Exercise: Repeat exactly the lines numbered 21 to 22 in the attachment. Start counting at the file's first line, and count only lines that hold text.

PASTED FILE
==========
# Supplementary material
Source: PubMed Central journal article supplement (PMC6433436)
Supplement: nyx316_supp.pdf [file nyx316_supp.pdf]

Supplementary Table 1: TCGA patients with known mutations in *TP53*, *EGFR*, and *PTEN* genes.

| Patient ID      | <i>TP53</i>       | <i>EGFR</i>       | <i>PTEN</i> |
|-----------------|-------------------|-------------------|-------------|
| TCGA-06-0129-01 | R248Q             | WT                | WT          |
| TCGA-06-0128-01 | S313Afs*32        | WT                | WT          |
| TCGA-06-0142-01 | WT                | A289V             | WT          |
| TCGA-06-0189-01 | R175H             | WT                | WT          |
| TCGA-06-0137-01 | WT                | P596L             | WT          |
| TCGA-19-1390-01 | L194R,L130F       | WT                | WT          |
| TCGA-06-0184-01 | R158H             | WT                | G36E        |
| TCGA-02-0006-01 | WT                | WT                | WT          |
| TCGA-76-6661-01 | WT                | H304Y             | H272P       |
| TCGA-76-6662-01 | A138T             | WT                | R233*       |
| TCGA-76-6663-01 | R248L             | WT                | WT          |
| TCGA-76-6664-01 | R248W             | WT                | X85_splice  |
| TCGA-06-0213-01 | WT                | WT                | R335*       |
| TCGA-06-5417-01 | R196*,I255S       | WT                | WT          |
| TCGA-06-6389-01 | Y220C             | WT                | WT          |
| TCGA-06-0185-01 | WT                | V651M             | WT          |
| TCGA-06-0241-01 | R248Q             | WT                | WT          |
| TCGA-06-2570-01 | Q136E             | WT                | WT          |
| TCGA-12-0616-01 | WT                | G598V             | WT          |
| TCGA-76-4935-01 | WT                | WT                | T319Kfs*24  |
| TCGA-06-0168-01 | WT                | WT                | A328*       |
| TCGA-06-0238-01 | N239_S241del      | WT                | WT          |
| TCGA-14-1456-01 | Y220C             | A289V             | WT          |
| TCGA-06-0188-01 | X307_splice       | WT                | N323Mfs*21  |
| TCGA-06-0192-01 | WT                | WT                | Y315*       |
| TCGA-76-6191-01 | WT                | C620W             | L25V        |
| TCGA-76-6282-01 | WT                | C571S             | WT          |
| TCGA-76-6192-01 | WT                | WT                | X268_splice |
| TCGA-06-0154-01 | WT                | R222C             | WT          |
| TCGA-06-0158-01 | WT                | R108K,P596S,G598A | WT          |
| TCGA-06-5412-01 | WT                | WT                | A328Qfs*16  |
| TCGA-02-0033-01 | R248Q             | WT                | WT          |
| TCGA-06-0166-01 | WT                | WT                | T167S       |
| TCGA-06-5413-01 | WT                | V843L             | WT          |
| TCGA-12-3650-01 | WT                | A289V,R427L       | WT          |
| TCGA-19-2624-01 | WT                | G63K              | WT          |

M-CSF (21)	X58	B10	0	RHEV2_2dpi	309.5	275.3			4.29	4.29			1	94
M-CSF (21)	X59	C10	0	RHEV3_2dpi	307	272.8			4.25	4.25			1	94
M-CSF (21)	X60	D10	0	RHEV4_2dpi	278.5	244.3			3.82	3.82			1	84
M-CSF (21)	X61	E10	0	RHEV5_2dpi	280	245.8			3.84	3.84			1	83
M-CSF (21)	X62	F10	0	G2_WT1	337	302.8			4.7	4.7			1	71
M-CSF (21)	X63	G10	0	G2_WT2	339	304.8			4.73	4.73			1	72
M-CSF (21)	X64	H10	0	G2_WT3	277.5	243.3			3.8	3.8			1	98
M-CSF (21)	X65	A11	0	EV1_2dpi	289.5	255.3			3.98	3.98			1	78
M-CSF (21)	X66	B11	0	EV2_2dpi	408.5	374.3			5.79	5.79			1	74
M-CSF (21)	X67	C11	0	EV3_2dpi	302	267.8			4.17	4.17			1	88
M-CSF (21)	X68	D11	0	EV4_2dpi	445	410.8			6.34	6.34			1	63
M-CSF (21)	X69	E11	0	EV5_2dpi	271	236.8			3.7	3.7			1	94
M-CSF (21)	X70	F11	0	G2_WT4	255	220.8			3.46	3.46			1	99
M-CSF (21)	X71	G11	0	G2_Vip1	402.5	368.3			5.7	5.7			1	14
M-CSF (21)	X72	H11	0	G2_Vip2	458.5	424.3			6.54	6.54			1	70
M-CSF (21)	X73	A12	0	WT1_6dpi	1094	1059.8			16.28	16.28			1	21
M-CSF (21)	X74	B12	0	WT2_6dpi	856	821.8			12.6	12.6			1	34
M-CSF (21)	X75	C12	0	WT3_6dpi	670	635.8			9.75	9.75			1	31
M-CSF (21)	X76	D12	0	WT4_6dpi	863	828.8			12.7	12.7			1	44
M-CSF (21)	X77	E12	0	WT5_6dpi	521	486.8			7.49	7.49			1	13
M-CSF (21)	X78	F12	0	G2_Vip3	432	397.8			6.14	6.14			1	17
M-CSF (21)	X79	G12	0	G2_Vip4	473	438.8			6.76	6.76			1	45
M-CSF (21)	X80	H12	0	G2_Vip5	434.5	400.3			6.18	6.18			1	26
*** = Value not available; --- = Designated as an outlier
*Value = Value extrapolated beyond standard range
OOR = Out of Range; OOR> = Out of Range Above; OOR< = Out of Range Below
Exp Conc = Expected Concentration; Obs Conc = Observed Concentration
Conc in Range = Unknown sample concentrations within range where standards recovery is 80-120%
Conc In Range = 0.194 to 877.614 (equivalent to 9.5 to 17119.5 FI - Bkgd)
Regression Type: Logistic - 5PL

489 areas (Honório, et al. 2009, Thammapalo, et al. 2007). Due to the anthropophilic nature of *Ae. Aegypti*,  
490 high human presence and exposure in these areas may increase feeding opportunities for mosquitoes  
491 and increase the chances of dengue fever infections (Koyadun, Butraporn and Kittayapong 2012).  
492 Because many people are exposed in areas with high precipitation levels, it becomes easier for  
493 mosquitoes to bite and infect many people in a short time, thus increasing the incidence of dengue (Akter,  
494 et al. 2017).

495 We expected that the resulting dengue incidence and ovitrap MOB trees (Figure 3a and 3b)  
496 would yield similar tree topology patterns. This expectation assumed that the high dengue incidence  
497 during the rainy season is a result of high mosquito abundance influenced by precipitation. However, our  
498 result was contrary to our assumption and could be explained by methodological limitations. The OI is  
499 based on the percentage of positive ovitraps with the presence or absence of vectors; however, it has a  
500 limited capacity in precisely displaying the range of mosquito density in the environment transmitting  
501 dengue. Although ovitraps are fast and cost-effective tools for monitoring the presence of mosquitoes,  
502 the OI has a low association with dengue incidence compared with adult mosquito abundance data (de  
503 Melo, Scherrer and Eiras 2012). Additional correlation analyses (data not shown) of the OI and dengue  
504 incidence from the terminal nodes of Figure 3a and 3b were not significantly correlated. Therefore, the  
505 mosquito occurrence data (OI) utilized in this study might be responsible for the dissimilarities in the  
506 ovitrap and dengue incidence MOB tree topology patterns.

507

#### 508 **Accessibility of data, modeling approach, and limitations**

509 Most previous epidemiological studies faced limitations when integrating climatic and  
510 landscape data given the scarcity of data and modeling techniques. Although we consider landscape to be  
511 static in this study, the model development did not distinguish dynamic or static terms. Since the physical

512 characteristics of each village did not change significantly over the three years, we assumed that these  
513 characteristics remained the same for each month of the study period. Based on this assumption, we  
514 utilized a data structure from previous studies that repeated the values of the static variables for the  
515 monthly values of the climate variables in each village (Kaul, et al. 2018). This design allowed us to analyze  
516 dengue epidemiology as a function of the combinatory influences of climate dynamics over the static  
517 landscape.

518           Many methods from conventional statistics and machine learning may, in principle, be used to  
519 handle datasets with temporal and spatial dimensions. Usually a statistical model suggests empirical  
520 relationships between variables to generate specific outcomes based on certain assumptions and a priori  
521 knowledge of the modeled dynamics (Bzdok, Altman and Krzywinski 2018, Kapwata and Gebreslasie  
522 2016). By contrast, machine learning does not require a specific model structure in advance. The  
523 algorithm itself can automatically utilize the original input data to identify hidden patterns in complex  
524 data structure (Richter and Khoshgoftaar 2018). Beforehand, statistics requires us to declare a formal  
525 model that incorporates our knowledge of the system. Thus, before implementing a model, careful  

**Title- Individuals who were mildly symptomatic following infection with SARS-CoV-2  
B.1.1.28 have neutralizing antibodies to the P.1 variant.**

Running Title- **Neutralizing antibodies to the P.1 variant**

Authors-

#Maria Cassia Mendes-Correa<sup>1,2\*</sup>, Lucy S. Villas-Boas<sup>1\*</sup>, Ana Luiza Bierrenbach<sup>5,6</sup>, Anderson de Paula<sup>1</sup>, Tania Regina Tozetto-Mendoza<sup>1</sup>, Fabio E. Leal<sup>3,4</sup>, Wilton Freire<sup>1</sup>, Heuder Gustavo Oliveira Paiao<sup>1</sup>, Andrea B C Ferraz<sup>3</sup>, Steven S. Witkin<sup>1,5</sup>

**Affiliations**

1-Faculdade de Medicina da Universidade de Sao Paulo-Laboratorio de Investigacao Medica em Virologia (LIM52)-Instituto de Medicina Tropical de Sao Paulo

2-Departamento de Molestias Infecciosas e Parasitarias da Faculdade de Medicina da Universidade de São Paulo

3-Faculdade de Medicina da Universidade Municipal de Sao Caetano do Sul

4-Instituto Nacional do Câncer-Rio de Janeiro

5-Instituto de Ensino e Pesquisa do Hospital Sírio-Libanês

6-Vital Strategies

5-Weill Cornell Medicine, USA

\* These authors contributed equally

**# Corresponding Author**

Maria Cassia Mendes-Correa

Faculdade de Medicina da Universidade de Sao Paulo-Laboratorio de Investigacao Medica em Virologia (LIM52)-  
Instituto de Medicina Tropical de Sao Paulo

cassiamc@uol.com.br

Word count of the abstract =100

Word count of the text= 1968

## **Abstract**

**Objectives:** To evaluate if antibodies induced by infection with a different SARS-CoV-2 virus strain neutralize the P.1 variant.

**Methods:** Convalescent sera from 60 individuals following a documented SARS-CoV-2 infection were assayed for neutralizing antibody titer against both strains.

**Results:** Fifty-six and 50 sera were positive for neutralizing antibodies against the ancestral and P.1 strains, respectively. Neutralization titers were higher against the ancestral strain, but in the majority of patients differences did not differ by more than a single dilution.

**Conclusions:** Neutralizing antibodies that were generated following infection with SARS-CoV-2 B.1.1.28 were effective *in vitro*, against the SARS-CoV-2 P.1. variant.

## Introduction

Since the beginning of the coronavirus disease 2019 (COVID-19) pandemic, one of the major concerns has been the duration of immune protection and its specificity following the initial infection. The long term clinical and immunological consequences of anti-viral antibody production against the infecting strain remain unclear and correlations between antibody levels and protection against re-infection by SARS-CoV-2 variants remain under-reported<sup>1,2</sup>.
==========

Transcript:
| TCGA-06-6389-01 | Y220C             | WT                | WT          |
| TCGA-06-0185-01 | WT                | V651M             | WT          |